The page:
Back before moving to Peru to work at the hospital as missionaries, I had an idea in my head that when we would finally be in Peru, we were going to fit into the Peruvian culture. I was afraid to join the missionary bubble instead of fully integrating into the local culture. This was the idea in my mind.
Then we arrived at the hospital back in early 2018. Instead of finding a familiar warm Latin culture, we found ourselves surrounded by an Indigenous mountain culture that was a bit closed off to foreigners and distrusting of city-folk (for understandable reasons).
My fears of not fitting in materialized even more when we moved into our house: a comfy sized townhome in a gated area together with another missionary family home on the outskirts of town.
I soon found my previous wish of being one with the local culture not materializing at all. My first breakthrough into the culture was starting meaningful friendships with a couple Peruvian brothers over a weekend hiking trip. But they were both from bigger cities and had moved to Curahuasi away from their families. This was still a big deal because I finally had come closer to feeling more at home in Peru through these friendships. However, I had no deep eye-to-eye friendships with anyone that was Quechua.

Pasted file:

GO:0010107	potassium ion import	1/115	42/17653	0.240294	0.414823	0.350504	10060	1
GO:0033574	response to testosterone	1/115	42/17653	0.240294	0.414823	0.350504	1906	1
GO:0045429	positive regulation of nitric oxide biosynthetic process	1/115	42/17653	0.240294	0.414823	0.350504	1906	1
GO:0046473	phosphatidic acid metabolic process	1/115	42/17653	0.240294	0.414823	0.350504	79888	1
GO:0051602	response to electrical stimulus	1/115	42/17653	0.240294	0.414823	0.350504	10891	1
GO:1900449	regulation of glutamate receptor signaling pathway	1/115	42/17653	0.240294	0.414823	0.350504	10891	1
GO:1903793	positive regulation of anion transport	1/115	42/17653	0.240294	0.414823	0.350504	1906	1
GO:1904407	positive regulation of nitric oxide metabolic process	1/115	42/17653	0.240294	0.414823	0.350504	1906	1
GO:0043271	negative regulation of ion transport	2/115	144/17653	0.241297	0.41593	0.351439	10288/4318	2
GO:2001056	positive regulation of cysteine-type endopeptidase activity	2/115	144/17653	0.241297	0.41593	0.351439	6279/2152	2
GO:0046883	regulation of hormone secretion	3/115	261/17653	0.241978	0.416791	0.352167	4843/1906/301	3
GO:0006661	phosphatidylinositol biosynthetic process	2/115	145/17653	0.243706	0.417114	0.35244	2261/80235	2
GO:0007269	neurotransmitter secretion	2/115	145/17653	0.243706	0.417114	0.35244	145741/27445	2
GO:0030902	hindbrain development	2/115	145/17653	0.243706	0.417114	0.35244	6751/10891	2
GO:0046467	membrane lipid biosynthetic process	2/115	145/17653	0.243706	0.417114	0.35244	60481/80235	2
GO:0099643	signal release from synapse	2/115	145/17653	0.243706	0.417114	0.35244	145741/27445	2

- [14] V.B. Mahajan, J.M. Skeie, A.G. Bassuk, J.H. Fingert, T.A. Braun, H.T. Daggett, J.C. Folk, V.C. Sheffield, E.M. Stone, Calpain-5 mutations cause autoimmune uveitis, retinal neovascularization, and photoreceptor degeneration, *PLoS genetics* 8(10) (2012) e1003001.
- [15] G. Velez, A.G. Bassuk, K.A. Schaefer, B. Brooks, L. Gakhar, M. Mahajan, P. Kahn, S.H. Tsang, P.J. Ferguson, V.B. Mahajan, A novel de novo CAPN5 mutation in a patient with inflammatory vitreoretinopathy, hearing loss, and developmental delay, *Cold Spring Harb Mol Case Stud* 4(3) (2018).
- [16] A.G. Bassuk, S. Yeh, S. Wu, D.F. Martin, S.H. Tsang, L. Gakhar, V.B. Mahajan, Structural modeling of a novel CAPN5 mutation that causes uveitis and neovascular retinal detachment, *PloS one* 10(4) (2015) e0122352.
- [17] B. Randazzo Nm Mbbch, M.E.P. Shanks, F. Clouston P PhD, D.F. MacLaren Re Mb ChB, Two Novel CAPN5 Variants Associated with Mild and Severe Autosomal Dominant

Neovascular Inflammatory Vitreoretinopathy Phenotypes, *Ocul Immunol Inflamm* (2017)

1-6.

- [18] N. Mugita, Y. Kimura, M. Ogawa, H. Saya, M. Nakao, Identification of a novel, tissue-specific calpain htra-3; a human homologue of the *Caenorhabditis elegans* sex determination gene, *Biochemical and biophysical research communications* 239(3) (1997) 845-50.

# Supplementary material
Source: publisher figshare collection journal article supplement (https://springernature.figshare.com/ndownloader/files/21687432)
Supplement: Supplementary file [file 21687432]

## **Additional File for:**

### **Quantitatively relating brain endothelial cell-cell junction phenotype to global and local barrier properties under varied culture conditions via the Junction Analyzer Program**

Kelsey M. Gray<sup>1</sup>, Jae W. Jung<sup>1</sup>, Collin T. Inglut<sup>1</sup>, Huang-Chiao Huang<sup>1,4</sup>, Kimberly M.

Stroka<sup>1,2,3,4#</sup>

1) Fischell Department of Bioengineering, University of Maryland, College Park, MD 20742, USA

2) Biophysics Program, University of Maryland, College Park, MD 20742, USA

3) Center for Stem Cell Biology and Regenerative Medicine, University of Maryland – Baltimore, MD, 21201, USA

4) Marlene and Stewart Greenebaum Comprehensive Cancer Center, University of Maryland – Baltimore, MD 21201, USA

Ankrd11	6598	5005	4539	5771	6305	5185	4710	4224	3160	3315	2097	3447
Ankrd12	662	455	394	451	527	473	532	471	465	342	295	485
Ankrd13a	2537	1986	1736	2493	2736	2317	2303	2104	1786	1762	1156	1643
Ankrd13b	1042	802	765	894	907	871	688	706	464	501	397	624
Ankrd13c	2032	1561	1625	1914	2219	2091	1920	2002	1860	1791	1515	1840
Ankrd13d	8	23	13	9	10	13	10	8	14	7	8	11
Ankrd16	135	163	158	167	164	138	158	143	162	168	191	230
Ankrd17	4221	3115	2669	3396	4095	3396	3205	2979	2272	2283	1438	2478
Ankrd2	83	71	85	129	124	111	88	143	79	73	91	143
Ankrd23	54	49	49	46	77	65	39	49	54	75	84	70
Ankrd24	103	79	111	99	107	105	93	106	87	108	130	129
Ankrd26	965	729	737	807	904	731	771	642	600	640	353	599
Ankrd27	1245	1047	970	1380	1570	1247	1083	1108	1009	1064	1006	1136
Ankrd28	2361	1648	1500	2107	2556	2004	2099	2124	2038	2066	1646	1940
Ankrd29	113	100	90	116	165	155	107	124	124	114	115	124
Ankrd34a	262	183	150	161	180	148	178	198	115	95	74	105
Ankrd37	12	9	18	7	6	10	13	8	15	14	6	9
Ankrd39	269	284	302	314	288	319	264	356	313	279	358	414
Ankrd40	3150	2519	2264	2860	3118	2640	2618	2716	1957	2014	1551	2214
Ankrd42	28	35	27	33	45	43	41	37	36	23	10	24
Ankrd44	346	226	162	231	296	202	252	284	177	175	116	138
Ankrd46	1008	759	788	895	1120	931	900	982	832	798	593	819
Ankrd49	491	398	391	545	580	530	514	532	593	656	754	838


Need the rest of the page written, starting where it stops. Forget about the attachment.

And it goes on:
After about half a year in Peru, I started to realize that I was making little progress with the local Quechua culture, and I was struggling.
A bit later, I brought it up with Brendan Connally (another missionary) while eating breakfast on the mountaintop next to our town. I mentioned how much I felt like a failure that I hadn’t assimilated into the culture. I felt that Brendan would be able to help me because he had come to help translate the Bible into Quechua and had become fully fluent in Quechua. If anyone knew an “in” into the Indigenous culture it would be him.
I remember as clear as day what Brendan told me that morning. He said “it’s not about fitting in, it’s just about you loving them and being loved by them.” Immediately several faces popped into my head of people I love here in Curahuasi that also love me back.
I thought of Wilson, my right-hand man at the hospital who takes care of me in clinic, who runs the schedule, who says “no” to people for me (I hate saying no), and how whenever I get a chance in front of hospital staff I love to honor him for his hard work because without him I would probably be miserable.
I thought of Emiliano, a hospital guard with whom for whatever reason I have developed a special bond, and so we chit chat for a minute or two every time we see each other around the hospital.
I thought of our househelp Feli, who we love, that always goes above and beyond to take care of Devyn and me and shows up to our house twice a week with a huge smile on her face.
I thought of Faustina and Lucia, a couple ladies that sell veggies at the Sunday market that always greet us with warm embraces and help me practice my Quechua and tell me to cut my long hair.
I thought of many other people that I had reached out to over the months, even though nothing truly materialized. Oh well, at least I reached out.
And all the sudden I didn’t feel like a failure anymore, I felt that I had loved and been loved. And that is what intercultural relationships are all about.